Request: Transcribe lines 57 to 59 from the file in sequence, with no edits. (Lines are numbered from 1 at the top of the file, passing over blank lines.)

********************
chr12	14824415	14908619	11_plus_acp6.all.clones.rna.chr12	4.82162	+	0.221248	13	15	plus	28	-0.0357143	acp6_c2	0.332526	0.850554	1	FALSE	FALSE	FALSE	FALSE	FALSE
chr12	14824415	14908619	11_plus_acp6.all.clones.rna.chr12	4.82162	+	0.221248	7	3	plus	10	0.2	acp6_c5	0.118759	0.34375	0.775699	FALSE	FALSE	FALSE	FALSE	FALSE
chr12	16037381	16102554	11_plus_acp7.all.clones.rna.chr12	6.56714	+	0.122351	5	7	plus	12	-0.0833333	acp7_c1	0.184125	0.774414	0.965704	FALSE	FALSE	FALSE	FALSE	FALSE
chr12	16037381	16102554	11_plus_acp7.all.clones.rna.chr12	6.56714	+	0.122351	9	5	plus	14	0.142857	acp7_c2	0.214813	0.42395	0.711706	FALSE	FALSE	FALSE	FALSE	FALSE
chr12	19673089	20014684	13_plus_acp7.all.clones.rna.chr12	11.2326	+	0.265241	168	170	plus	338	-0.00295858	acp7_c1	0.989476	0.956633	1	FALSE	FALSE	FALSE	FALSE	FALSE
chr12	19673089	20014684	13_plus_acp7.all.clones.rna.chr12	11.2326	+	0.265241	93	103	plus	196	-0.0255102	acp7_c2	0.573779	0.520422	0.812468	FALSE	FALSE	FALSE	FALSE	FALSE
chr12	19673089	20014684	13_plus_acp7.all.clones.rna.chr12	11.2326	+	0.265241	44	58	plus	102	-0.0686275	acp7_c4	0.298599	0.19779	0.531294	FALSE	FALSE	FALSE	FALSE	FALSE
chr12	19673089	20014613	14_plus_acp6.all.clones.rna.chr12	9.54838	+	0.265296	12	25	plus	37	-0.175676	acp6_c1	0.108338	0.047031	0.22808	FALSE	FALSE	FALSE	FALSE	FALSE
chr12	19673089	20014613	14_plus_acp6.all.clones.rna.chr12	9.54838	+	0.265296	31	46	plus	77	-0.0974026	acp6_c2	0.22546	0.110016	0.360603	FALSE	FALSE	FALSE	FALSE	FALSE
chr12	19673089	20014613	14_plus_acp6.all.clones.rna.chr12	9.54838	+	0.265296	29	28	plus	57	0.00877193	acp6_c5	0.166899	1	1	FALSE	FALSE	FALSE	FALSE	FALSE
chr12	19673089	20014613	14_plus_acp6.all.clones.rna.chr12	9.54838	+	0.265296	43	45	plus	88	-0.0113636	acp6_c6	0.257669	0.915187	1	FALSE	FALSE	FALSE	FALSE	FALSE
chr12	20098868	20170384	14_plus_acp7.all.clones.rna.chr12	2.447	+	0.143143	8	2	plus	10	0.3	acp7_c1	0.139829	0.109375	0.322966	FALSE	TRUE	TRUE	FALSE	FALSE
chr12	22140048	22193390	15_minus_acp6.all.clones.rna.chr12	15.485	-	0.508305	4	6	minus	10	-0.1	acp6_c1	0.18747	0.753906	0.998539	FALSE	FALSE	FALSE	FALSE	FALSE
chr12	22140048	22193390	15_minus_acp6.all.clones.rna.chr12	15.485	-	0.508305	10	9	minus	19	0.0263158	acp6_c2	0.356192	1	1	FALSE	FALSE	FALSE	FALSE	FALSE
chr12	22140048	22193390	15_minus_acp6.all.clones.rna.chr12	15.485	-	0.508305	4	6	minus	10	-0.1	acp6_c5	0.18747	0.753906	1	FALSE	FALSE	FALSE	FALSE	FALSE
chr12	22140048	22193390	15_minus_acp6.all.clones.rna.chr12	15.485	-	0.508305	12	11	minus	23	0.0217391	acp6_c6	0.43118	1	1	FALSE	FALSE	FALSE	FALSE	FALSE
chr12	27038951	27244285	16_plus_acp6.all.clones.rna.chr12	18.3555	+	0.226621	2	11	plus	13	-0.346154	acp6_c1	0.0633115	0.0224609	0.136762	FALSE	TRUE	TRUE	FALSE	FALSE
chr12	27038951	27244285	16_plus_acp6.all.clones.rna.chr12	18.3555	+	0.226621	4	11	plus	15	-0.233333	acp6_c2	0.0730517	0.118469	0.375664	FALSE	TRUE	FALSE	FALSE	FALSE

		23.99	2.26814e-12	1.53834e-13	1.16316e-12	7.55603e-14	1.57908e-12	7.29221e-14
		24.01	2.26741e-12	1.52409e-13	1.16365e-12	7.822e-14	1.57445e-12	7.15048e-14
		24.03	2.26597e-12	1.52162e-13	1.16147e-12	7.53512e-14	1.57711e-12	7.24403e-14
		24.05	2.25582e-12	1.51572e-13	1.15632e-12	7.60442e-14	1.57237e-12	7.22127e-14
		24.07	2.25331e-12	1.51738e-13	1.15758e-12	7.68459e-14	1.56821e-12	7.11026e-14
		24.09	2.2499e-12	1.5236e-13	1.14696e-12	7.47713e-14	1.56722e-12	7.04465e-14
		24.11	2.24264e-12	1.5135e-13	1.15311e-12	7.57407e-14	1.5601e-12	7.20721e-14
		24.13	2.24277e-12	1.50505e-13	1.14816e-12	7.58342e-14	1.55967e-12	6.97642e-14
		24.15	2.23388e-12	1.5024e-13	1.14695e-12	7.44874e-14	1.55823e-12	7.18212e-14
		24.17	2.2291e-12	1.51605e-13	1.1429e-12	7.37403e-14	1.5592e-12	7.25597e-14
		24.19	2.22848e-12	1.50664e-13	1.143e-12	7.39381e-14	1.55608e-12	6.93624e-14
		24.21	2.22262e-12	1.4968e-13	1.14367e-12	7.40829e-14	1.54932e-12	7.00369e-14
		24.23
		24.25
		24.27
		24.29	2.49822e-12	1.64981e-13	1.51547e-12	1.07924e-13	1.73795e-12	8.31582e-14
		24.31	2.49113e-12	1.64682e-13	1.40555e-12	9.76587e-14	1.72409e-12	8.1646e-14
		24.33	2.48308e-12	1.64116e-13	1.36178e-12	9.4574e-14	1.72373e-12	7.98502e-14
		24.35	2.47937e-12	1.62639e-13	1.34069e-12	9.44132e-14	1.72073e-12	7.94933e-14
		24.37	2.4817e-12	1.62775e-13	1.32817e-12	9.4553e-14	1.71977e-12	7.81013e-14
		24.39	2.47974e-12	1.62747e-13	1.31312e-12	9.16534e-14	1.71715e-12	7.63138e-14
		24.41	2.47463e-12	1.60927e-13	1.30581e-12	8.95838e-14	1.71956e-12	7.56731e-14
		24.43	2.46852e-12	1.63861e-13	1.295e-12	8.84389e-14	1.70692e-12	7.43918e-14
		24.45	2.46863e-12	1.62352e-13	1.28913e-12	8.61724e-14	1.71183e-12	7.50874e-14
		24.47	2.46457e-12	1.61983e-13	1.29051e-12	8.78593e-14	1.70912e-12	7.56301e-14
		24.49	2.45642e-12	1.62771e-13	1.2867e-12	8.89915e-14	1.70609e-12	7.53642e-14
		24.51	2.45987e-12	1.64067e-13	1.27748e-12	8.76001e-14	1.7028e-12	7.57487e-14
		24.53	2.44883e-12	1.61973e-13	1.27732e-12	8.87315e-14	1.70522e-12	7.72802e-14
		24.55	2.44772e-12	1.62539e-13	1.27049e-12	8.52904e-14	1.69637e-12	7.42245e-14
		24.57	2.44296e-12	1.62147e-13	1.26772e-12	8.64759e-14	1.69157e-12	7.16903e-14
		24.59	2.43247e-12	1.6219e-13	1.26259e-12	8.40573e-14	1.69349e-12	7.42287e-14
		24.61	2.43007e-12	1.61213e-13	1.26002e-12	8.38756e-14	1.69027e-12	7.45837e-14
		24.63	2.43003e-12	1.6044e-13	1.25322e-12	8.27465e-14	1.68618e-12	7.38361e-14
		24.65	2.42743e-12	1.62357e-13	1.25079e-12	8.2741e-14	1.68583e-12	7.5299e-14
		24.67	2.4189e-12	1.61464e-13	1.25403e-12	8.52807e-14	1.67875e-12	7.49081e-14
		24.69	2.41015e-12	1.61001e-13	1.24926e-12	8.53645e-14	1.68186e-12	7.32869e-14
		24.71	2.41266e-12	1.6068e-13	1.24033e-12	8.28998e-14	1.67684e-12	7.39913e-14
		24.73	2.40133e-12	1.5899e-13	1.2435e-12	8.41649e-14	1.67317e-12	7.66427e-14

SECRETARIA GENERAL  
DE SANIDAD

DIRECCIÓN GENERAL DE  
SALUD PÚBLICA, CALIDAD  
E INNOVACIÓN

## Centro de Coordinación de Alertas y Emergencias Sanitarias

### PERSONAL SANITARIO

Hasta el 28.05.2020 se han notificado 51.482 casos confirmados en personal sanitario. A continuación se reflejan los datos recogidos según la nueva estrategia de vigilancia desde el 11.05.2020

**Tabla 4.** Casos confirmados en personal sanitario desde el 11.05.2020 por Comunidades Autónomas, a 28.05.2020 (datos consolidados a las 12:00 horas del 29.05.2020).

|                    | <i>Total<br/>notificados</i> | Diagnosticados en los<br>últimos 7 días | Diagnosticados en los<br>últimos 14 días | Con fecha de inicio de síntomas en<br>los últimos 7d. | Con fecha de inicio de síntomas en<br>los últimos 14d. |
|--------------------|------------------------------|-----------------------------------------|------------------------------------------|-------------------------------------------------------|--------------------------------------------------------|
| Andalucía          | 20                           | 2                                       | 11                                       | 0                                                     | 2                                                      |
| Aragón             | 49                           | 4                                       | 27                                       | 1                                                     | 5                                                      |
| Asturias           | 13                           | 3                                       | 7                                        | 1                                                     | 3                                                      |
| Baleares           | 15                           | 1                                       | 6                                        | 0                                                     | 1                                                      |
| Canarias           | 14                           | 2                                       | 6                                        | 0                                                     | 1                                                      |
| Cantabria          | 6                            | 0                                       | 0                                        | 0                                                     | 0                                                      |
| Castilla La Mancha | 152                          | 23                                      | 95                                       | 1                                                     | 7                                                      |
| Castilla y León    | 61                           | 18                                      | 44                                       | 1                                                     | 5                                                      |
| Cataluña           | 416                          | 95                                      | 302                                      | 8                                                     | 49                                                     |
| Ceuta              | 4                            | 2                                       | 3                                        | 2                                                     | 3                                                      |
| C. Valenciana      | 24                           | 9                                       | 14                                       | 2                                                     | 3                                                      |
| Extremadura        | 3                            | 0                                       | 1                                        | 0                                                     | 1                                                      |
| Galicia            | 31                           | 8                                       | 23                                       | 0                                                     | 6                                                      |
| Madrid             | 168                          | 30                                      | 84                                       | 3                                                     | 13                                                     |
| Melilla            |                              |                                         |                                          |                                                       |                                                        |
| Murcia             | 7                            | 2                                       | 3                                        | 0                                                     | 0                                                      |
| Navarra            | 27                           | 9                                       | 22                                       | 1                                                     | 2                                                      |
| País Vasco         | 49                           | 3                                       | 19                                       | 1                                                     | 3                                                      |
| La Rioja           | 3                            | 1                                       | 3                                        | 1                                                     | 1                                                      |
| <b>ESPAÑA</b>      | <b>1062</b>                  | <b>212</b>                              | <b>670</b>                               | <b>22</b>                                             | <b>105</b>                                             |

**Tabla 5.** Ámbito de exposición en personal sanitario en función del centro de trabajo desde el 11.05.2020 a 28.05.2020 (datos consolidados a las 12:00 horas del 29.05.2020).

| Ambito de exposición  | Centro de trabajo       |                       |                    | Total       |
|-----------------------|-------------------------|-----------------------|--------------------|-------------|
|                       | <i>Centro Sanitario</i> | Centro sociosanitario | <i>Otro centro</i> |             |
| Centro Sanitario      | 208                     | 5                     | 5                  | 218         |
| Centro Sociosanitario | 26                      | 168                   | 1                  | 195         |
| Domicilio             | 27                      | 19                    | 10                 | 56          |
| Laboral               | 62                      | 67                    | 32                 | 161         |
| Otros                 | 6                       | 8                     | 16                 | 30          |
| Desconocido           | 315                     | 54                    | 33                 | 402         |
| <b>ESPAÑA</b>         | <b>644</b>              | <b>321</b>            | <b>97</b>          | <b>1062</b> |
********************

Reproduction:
SECRETARIA GENERAL  
DE SANIDAD

DIRECCIÓN GENERAL DE  